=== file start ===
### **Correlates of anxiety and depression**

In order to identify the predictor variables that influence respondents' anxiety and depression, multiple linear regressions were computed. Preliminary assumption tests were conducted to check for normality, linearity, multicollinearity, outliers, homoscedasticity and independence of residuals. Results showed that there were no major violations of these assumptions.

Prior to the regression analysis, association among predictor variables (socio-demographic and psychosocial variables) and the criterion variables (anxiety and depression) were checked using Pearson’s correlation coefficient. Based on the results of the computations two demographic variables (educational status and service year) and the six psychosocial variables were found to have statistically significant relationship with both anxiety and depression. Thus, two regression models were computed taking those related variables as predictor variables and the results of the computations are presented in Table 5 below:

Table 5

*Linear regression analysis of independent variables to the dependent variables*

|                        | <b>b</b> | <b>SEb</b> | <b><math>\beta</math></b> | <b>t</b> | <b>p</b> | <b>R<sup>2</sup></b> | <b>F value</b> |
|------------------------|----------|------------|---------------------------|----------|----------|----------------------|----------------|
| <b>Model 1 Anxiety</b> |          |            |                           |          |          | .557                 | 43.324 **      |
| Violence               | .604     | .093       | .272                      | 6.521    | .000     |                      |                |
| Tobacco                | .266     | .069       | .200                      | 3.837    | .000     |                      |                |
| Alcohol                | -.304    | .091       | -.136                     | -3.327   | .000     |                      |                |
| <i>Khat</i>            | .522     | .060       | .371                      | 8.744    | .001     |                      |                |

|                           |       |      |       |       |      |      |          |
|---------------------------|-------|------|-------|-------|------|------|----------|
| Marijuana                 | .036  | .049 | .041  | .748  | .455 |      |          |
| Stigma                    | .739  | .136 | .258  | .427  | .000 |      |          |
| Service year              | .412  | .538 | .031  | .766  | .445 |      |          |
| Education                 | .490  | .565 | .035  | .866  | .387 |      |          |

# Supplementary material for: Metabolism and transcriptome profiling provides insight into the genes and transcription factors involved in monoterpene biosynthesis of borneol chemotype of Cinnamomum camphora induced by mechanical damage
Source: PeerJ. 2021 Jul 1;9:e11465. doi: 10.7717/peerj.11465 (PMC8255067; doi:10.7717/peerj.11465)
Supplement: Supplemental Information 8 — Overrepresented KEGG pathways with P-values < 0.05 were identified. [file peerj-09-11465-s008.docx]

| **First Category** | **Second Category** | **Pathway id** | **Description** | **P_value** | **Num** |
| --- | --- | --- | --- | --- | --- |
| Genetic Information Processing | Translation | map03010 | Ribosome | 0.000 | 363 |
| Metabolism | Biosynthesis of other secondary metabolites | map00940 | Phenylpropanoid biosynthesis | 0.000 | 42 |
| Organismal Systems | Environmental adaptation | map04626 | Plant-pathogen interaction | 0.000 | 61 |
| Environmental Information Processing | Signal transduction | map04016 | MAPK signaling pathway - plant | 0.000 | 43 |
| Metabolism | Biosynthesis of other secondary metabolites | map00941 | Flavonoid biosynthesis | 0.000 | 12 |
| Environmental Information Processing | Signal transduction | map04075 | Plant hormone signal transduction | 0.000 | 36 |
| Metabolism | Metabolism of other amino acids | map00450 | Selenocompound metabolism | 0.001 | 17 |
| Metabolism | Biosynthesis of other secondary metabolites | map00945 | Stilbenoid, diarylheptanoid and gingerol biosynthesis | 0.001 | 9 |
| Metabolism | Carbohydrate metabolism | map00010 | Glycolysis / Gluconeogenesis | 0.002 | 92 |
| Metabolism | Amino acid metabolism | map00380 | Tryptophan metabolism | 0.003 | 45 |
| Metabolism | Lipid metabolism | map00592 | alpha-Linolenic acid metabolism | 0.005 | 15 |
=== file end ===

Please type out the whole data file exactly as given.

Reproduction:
### **Correlates of anxiety and depression**

In order to identify the predictor variables that influence respondents' anxiety and depression, multiple linear regressions were computed. Preliminary assumption tests were conducted to check for normality, linearity, multicollinearity, outliers, homoscedasticity and independence of residuals. Results showed that there were no major violations of these assumptions.

Prior to the regression analysis, association among predictor variables (socio-demographic and psychosocial variables) and the criterion variables (anxiety and depression) were checked using Pearson’s correlation coefficient. Based on the results of the computations two demographic variables (educational status and service year) and the six psychosocial variables were found to have statistically significant relationship with both anxiety and depression. Thus, two regression models were computed taking those related variables as predictor variables and the results of the computations are presented in Table 5 below:

Table 5

*Linear regression analysis of independent variables to the dependent variables*

|                        | <b>b</b> | <b>SEb</b> | <b><math>\beta</math></b> | <b>t</b> | <b>p</b> | <b>R<sup>2</sup></b> | <b>F value</b> |
|------------------------|----------|------------|---------------------------|----------|----------|----------------------|----------------|
| <b>Model 1 Anxiety</b> |          |            |                           |          |          | .557                 | 43.324 **      |
| Violence               | .604     | .093       | .272                      | 6.521    | .000     |                      |                |
| Tobacco                | .266     | .069       | .200                      | 3.837    | .000     |                      |                |
| Alcohol                | -.304    | .091       | -.136                     | -3.327   | .000     |                      |                |
| <i>Khat</i>            | .522     | .060       | .371                      | 8.744    | .001     |                      |                |

|                           |       |      |       |       |      |      |          |
|---------------------------|-------|------|-------|-------|------|------|----------|
| Marijuana                 | .036  | .049 | .041  | .748  | .455 |      |          |
| Stigma                    | .739  | .136 | .258  | .427  | .000 |      |          |
| Service year              | .412  | .538 | .031  | .766  | .445 |      |          |
| Education                 | .490  | .565 | .035  | .866  | .387 |      |          |

# Supplementary material for: Metabolism and transcriptome profiling provides insight into the genes and transcription factors involved in monoterpene biosynthesis of borneol chemotype of Cinnamomum camphora induced by mechanical damage
Source: PeerJ. 2021 Jul 1;9:e11465. doi: 10.7717/peerj.11465 (PMC8255067; doi:10.7717/peerj.11465)
Supplement: Supplemental Information 8 — Overrepresented KEGG pathways with P-values < 0.05 were identified. [file peerj-09-11465-s008.docx]

| **First Category** | **Second Category** | **Pathway id** | **Description** | **P_value** | **Num** |
| --- | --- | --- | --- | --- | --- |
| Genetic Information Processing | Translation | map03010 | Ribosome | 0.000 | 363 |
| Metabolism | Biosynthesis of other secondary metabolites | map00940 | Phenylpropanoid biosynthesis | 0.000 | 42 |
| Organismal Systems | Environmental adaptation | map04626 | Plant-pathogen interaction | 0.000 | 61 |
| Environmental Information Processing | Signal transduction | map04016 | MAPK signaling pathway - plant | 0.000 | 43 |
| Metabolism | Biosynthesis of other secondary metabolites | map00941 | Flavonoid biosynthesis | 0.000 | 12 |
| Environmental Information Processing | Signal transduction | map04075 | Plant hormone signal transduction | 0.000 | 36 |
| Metabolism | Metabolism of other amino acids | map00450 | Selenocompound metabolism | 0.001 | 17 |
| Metabolism | Biosynthesis of other secondary metabolites | map00945 | Stilbenoid, diarylheptanoid and gingerol biosynthesis | 0.001 | 9 |
| Metabolism | Carbohydrate metabolism | map00010 | Glycolysis / Gluconeogenesis | 0.002 | 92 |
| Metabolism | Amino acid metabolism | map00380 | Tryptophan metabolism | 0.003 | 45 |
| Metabolism | Lipid metabolism | map00592 | alpha-Linolenic acid metabolism | 0.005 | 15 |